The top U.S. military commander in Europe says being able to invade Iraq from Turkey would be strategically advantageous but that the Turkish parliament's refusal to allow U.S. troops to be stationed on its territory will not derail U.S. plans. General James Jones also says he wants to overhaul the U.S. network of bases in Europe and make them more responsive to new challenges like terrorism.
General Jones, a former commandant of the Marines, says U.S. military planners are considering alternatives if the Turkish parliament remains steadfast in its rejection of a U.S. deployment. But he says he still hopes U.S. troops will be able to open a northern front to tie down Iraqi forces.
General Jones, who recently took command of U.S. forces in Europe and is also NATO's top military commander, told reporters at U.S. military headquarters in Stuttgart, Germany, that stationing U.S. soldiers in Turkey would force Iraqi leader Saddam Hussein to concentrate his troops in both northern and southern Iraq.
Although I don't think it is absolutely a show-stopper in terms of whether we have a northern front or not, but to have a presence along the northern part of Iraq would definitely have a military advantage of fixing his [Saddam Hussein's] forces, he said. And he'd have to pay more attention to the north rather than be able to concentrate his forces to the defense of the south or any other direction that he might think we could be coming from.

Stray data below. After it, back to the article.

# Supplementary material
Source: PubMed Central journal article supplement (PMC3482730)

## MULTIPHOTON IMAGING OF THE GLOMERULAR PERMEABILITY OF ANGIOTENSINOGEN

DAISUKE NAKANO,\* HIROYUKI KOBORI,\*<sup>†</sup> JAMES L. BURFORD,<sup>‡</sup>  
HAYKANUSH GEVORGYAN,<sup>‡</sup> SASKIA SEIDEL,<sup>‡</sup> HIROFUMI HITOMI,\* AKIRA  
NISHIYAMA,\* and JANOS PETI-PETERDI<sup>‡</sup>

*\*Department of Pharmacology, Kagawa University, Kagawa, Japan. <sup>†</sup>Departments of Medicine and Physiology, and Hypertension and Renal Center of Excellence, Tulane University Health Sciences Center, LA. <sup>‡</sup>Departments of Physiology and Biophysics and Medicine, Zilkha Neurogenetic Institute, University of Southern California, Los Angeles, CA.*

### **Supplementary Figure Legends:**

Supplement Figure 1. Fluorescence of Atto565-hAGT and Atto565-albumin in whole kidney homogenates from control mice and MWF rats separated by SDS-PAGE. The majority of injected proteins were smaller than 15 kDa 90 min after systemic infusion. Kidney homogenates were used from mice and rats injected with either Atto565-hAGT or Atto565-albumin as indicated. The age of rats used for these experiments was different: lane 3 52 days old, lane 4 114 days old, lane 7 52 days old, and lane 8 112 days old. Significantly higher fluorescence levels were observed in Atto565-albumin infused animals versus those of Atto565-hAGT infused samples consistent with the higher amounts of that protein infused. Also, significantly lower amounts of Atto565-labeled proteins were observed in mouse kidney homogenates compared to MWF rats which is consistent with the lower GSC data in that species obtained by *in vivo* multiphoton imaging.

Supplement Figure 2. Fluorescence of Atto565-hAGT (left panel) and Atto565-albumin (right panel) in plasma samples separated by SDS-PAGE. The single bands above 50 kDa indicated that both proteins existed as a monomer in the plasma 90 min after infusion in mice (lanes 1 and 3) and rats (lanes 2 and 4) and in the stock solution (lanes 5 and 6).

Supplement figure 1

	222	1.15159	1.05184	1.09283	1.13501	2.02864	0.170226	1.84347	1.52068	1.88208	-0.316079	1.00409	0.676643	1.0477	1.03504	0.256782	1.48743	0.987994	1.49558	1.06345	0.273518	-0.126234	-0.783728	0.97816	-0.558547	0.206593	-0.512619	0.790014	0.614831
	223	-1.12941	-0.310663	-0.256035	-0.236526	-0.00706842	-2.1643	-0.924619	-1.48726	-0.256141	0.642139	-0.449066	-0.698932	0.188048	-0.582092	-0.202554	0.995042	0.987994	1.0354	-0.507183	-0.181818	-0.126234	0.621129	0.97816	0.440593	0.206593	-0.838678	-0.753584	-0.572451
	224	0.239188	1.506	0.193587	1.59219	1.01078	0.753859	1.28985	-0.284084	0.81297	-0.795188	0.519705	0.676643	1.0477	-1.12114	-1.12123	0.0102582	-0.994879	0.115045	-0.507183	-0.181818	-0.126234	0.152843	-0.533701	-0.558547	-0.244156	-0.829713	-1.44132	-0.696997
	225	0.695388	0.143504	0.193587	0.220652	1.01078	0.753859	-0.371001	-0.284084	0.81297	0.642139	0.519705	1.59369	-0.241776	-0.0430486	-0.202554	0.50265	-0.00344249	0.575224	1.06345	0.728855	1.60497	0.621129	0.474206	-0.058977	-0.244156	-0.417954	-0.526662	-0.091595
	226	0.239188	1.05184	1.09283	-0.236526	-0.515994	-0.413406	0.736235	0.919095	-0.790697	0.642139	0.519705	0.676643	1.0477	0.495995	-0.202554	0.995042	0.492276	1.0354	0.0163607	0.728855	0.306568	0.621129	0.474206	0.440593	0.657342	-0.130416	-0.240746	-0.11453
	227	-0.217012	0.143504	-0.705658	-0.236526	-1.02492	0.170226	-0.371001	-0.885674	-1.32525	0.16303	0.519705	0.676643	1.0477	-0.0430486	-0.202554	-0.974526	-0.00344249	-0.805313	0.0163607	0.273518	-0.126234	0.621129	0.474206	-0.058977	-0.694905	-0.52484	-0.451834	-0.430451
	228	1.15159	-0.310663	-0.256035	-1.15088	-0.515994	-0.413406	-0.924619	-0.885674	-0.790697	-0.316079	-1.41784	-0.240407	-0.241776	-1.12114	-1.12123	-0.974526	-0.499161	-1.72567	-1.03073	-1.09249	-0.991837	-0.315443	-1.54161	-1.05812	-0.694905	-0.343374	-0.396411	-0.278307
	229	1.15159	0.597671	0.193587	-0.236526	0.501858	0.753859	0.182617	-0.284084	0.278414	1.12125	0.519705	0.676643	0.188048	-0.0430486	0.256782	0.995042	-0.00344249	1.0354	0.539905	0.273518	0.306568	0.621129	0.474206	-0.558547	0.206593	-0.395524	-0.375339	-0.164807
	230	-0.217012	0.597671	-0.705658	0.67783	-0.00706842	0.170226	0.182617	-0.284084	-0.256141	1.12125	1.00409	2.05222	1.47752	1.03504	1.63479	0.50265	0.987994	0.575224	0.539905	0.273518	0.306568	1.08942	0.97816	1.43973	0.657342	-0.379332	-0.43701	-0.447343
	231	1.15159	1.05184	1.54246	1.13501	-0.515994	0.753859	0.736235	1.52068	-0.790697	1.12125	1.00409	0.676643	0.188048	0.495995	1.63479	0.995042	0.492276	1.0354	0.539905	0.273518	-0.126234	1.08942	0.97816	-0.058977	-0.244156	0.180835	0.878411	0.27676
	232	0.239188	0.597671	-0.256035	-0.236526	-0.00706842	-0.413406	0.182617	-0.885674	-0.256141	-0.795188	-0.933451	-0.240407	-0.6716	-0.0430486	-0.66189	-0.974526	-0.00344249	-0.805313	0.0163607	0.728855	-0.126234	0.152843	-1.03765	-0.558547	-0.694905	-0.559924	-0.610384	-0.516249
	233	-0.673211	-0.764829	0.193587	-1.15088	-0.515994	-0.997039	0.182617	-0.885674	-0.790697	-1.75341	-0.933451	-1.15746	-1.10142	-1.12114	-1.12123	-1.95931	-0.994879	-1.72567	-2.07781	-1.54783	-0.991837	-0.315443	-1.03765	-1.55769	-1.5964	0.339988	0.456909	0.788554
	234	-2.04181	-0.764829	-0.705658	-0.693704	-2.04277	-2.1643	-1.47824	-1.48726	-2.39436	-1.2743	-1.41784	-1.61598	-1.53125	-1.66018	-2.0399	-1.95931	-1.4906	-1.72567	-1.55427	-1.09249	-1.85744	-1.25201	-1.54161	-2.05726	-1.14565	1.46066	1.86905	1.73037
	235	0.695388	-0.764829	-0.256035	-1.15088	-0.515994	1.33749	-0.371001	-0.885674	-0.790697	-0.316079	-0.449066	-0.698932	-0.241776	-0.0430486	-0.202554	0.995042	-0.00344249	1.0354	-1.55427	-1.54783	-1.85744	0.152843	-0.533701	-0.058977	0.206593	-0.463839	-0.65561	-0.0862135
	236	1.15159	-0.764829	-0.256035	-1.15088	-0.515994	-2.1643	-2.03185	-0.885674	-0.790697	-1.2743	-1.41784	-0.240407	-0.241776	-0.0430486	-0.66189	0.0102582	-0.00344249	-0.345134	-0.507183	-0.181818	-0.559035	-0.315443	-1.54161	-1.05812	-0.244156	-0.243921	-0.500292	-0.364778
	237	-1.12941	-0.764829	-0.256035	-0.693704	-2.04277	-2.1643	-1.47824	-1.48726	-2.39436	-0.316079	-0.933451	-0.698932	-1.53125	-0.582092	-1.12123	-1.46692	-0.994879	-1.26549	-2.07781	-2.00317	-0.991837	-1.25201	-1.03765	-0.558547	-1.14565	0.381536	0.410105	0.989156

The United States has massed more than 100,000 troops in areas south of Iraq in preparation for action against Saddam Hussein. Washington and Ankara had struck a deal for 62,000 U.S. troops to be deployed in Turkey, but the accord failed to muster enough support in the Turkish parliament.
Despite intense ongoing negotiations between Turkish and U.S. officials, Turkish Prime Minister Abdullah Gul refused to say Monday whether his government will again ask Parliament to approve a U.S. troop deployment.
General Jones also sought to reassure Germany that Washington's plans to scale down its military presence in the country and in the rest of Western Europe is not related to Berlin's fierce opposition to a U.S.-led war against Iraq.
Whatever we're doing is not in any way connected with the current political situation as regards Iraq, he said. This should never in any way be characterized as a knee-jerk reaction to a disagreement at the political level.
General Jones says, though plans are still in the conceptual stage, it is Washington's intention to move away from big garrison-type bases. Those large bases date back to the Cold War, and include housing, schools and hospitals. They would be replaced with more flexible forward-staging bases where troops can rotate in for shorter periods. The idea, he says, is to have the capability to react quickly to new threats and, at the same time, be more cost-efficient.
The general says it will probably take up to two years for the new basing strategy to go into effect.